Negev summit: strengthening the Arab-Israeli alliance or an American justification for the nuclear agreement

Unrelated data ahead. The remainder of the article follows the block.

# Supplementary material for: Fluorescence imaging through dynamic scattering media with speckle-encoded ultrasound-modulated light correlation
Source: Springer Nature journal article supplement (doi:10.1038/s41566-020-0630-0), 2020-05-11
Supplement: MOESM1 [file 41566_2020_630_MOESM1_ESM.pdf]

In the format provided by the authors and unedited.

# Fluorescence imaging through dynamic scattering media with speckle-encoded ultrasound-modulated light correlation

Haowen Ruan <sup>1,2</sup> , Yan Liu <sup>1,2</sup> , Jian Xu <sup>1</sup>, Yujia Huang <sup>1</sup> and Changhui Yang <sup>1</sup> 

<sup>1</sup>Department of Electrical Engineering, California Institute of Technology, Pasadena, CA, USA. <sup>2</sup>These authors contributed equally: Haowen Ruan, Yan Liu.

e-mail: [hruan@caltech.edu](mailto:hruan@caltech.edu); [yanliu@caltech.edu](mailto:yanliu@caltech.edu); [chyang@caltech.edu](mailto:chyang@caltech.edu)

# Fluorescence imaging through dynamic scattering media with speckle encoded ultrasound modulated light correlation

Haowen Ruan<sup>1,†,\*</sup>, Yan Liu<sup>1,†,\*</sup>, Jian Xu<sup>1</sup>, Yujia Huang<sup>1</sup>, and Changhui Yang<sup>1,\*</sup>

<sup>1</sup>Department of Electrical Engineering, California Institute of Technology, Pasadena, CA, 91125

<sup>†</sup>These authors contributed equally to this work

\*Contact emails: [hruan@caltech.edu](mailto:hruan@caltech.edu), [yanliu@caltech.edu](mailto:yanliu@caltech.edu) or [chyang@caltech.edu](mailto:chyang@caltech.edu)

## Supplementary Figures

Negev summit: strengthening the Arab-Israeli alliance or an American justification for the nuclear agreement  Alliance install The Negev (Israel) - The Negev summit raises the question of whether it is an additional step on the path of the Arab-Israeli alliance to confront Iran, given that it came days after the Sharm el-Sheikh summit, which was considered an announcement of the birth of the Arab-Israeli alliance, or whether its goal is to justify the United States of the agreement Nuclear and reassuring Israel and its Arab allies that the agreement will not lead to a free hand for Tehran in the region?  Observers considered that this summit sends messages to Iran that there is a united front against it and that many in the Middle East are not satisfied with Washington's performance in the face of Tehran's threats.  It is expected that the nuclear agreement will dominate the two-day extraordinary meeting hosted by Israeli Foreign Minister Yair Lapid in the Negev desert and will include the foreign ministers of four Arab countries: the UAE, Bahrain, Morocco and Egypt, in addition to US Secretary of State Anthony Blinken.   Robert Malley: The IRGC will remain subject to sanctions  Blinken sought, during a joint press conference with his Israeli counterpart, held in Jerusalem, to reassure the participants that Washington would continue to confront any threat from Iran, even while promoting nuclear diplomacy with Tehran.  Blinken's visit comes as Washington's key allies, such as Israel and the United Arab Emirates, question the Biden administration's commitments to the region and prepare for the fallout from the nuclear deal with Iran and the Ukraine crisis.  Reviving the 2015 nuclear deal "is the best way to restore Iran's nuclear program to the previous status," Blinken said.  "Whether that happens or not, our commitment to the basic principle that Iran will never have a nuclear weapon is unwavering," he added. "The United States will continue to confront Iran if it threatens us or threatens our allies or partners," he added.  On the other hand, Israeli Prime Minister Naftali Bennett said after the meeting that Israel was "particularly concerned about the intention to remove the Iranian Revolutionary Guard from the US terrorism list, which is one of the conditions that Iran stipulated to agree to revive the agreement."  The US Secretary of State did not address the issue during the press conference, but the US special envoy to Iran, Robert Malley, stressed at the Doha conference that "the Iranian Revolutionary Guard will remain subject to sanctions under US law."  Mali added that he was not confident that a nuclear deal between Western powers and Iran was imminent, reducing expectations after 11 months of talks in Vienna.  Kamal Kharazi, an advisor to Iran's Supreme Leader Ayatollah Ali Khamenei, has confirmed that an agreement may be imminent.  "In order to revive the agreement, it is important for the United States to remove the Iranian Revolutionary Guard from the list of foreign terrorist organizations," Kharazi said.  Thumbnail Arab countries, especially the UAE and Saudi Arabia, view the Iranian Revolutionary Guards as the greatest threat; The Quds Force, a branch of the Revolutionary Guards, helps Iran spread its influence in the Middle East through proxies in Yemen, Iraq, Lebanon, and Syria.  The Revolutionary Guard is a mixture of militias that control many aspects of politics in the region, in addition to possessing weapons that threaten the countries of the region at various levels, whether by targeting oil facilities or infrastructure, such as what the Houthis are targeting the UAE and Saudi Arabia or what they have done A strategic review by Iraqi militias targeting American bases, leading to the implementation of assassination attempts on senior political leaders in the region, as happened to Iraqi Prime Minister Mustafa Al-Kazemi.  In turn, Morocco accuses Iran and its proxy in Lebanon, Hezbollah, of supporting the separatist Polisario Front and supplying it with weapons, which threatens its territorial integrity and unity.  On the other hand, the United States wants to speed up the return to the agreement, not only to limit Tehran's nuclear program, but to lift the strict sanctions on Tehran and allow it to return to the oil markets, which will contribute to increasing production and thus putting an end to the rise in prices.  The United States had failed to put pressure on the UAE and Saudi Arabia to increase oil production, amid frequent reports of tension between the two countries on the one hand and Washington on the other.  The price of a barrel of oil rose to $120 a barrel, coinciding with the mounting concern of investors about the exacerbation of market confusion to the extent that no one may be able to control it due to the tightening of Western sanctions on Moscow.